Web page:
Contrary to popular mythology, winter is not a year-long event in the Yukon. We get all four seasons, and we don’t play favourites. Spring is synonymous with epic wildlife viewing. Summer is fueled by our midnight sun. Fall features Mother Nature at her most flamboyant. And winter? ‘Tis the season for bright, crisp sunny days, and aurora-lit nights.
Choosing which time of year to visit the Yukon depends a lot on what floats your seasonal boat. Here’s a sampler of what you can expect in Yukon’s winter, spring, summer and fall.
Yukon in the Winter
Winter can be hard on Yukoners. With so many great winter activities to choose from, we have more trouble with FOMO than frosty weather.
It can be hard to decide what to do first, so here’s a few wintery ideas: northern lights viewing, dogsledding, Ice fishing, snowshoeing, snowmobiling, winter festivals, wildlife viewing, hot springs, cross-country and downhill skiing, and fat biking.
For the more adventurous, try strapping a kite to a pair of skis and hanging on tight as you whip across the frozen beauty of Lake Bennett in Carcross. You’ll meet more than a few grinning locals doing the same. Not quite your speed? Build your very own perfect winter day. After all, where else can you ski through a nature reserve in the morning, mush huskies across a glistening lake in the afternoon, and slowly watch your hair freeze as you soak in a hot spring in the evening?
Don’t forget to look up. The long, dark winter nights set the stage for one of the most amazing, natural phenomena of the world—the aurora borealis. Prepare to drop jaw as you gaze up in awe at a light show that rivals a choreographed intergalactic laser battle.
Winter in the Yukon runs from November to early March. Average temperatures reach highs of between -1° and -11° C and lows between -12° and -20° C.
Yukon in the Spring
In Spring, our furred and feathered friends come out and get busy again. Why not do the same and shred the slopes with some late-season skiing?
Yukon Spring is a herald of all things bright and every living thing is drawn to that light. Millions of migratory birds fly back, crocuses appear on hillsides and bear cubs emerge groggily from their dens to explore once more—not unlike a few of the locals.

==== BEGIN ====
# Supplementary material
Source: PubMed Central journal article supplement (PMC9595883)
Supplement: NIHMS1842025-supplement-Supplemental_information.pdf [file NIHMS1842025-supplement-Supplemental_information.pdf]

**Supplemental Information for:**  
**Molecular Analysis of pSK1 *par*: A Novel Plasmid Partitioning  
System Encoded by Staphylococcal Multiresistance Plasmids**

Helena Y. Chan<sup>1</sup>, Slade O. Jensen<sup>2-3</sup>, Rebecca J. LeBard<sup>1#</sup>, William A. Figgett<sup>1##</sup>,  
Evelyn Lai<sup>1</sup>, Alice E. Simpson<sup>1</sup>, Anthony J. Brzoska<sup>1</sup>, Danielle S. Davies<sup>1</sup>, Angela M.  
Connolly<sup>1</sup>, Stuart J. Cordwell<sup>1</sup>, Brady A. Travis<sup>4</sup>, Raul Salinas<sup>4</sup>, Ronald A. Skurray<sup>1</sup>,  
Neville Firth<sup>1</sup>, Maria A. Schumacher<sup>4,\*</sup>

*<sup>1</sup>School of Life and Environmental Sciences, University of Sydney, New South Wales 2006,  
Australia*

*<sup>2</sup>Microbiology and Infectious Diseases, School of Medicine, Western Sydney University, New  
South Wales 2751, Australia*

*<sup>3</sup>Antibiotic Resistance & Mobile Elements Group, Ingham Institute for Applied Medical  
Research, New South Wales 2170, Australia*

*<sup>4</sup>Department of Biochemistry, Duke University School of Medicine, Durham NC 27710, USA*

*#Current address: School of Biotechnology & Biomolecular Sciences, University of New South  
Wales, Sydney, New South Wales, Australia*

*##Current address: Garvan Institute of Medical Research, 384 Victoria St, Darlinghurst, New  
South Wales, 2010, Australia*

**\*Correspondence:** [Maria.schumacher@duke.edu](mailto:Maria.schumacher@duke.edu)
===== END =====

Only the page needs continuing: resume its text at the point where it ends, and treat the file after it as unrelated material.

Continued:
Longer sunny days, sparkling “fast” snow, and warming temps make March a popular month for getting outdoors. Try cross country or downhill skiing (maybe with the ski jacket open), conquer Fish Lake on snowshoes or— if you’re looking for something literally breathtaking—jump into the lake after the ice melts for a quick dip.
There’s one other kind of light that is particularly beautiful at this time of year. In addition to longer, sunnier days, spring brings brilliant northern lights by night. As a bonus, the season’s warming temps provide some added comfort for your Yukon aurora tours.
Yukon in the Summer
One of the only places on Earth where wearing your sunglasses at night won’t remind people of an 80’s one-hit wonder.
At the height of the summer season, the sun sets just before midnight, and with temperatures as high as 26°C (78.8°F), you’ll be able to squeeze in a late-night tanning session, right before bed. Of course, that’s if you’re not already busy with flightseeing, mountain biking, golfing, fishing, camping, wildlife viewing, summer arts and music festivals, RVing, etc.
And because the sun barely sets, the adventures never end. June and July welcome up to 21 hours of daylight. Perfect for road tripping through the Yukon’s eight unique regions or hiking the legendary trails of Kluane National Park and Reserve. Longer days are ideal for a horseback ride to take in the panoramic views of Fish Lake near Whitehorse. Or take a front row seat for the Yukon’s wildest views late in the (sunny) day by paddling the Yukon River. Larger animals, like moose and bears, can be seen foraging around rivers for fresh greens, so if you spot one from your canoe, be sure to take a photo—but maybe leave your selfie stick at home.
Hot packing tip: No need to check the weather station. The Yukon summer forecast calls for a 100 percent chance of changing within the hour. So think layers. Throw a beanie and a windbreaker in with those short shorts and tube tops to pack the most comfort into your summer fun.
Summer in the Yukon runs from June to August. Average temperatures reach highs of between 14° and 20° C and lows between 6° and 8° C.
Yukon in the Fall
The tundra is transformed by bright oranges, yellows and reds into a landscape fit for a
It’s a short season, but you don’t want to miss it. From mid-August to late September, the Yukon is positively ablaze in gold and crimson tones. Tombstone Territorial Park in the Klondike region puts on a show of colour that’s not to be missed. You’ll want to take a photography tour, hike the world-renowned trails, drive further up the Dempster—or best yet, do all three. And while you’re up that way, you may happen upon the Porcupine caribou herd, over 200,000 strong, as they undertake the longest land-migration route of any land mammal on Earth.
As the autumn air becomes crisp and the nights grow long, a different kind of colour show begins. It’s the start of another aurora borealis season. If you’re planning on watching this spectacular natural phenomenon, dress for the Yukon fall conditions and bring a thermos of hot chocolate. If you want to take your fall aurora viewing literally to the next level, consider a flightseeing tour so you can ooh and aah at the scene from 35,000 feet in the air.
Fall in the Yukon runs from September to October. Average temperatures reach highs of between 4° and 19° C and lows between -3° and 7° C.